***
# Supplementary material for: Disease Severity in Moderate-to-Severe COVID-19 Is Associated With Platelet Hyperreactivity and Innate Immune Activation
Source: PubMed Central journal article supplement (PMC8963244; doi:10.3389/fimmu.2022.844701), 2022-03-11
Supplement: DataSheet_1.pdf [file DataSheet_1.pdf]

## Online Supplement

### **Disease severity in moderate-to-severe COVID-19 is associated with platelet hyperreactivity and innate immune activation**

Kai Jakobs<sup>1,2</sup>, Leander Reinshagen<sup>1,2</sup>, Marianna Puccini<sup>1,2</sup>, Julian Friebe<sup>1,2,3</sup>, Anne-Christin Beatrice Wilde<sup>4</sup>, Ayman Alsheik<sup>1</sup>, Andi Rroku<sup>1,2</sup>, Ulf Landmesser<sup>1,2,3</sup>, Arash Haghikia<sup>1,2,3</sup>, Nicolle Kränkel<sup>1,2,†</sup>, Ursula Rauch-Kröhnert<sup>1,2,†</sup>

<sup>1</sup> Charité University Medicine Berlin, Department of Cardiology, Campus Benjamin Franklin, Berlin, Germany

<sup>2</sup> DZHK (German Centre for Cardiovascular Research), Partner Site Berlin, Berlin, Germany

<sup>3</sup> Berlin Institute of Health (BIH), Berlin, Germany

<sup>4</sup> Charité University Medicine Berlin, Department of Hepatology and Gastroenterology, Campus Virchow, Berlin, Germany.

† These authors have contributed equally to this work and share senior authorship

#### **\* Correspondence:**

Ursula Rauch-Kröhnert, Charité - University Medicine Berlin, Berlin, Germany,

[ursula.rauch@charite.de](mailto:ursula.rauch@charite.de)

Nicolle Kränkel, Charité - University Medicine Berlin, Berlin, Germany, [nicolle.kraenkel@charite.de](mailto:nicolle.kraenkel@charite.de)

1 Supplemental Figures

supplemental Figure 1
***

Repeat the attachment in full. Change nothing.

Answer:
# Supplementary material for: Disease Severity in Moderate-to-Severe COVID-19 Is Associated With Platelet Hyperreactivity and Innate Immune Activation
Source: PubMed Central journal article supplement (PMC8963244; doi:10.3389/fimmu.2022.844701), 2022-03-11
Supplement: DataSheet_1.pdf [file DataSheet_1.pdf]

## Online Supplement

### **Disease severity in moderate-to-severe COVID-19 is associated with platelet hyperreactivity and innate immune activation**

Kai Jakobs<sup>1,2</sup>, Leander Reinshagen<sup>1,2</sup>, Marianna Puccini<sup>1,2</sup>, Julian Friebe<sup>1,2,3</sup>, Anne-Christin Beatrice Wilde<sup>4</sup>, Ayman Alsheik<sup>1</sup>, Andi Rroku<sup>1,2</sup>, Ulf Landmesser<sup>1,2,3</sup>, Arash Haghikia<sup>1,2,3</sup>, Nicolle Kränkel<sup>1,2,†</sup>, Ursula Rauch-Kröhnert<sup>1,2,†</sup>

<sup>1</sup> Charité University Medicine Berlin, Department of Cardiology, Campus Benjamin Franklin, Berlin, Germany

<sup>2</sup> DZHK (German Centre for Cardiovascular Research), Partner Site Berlin, Berlin, Germany

<sup>3</sup> Berlin Institute of Health (BIH), Berlin, Germany

<sup>4</sup> Charité University Medicine Berlin, Department of Hepatology and Gastroenterology, Campus Virchow, Berlin, Germany.

† These authors have contributed equally to this work and share senior authorship

#### **\* Correspondence:**

Ursula Rauch-Kröhnert, Charité - University Medicine Berlin, Berlin, Germany,

[ursula.rauch@charite.de](mailto:ursula.rauch@charite.de)

Nicolle Kränkel, Charité - University Medicine Berlin, Berlin, Germany, [nicolle.kraenkel@charite.de](mailto:nicolle.kraenkel@charite.de)

1 Supplemental Figures

supplemental Figure 1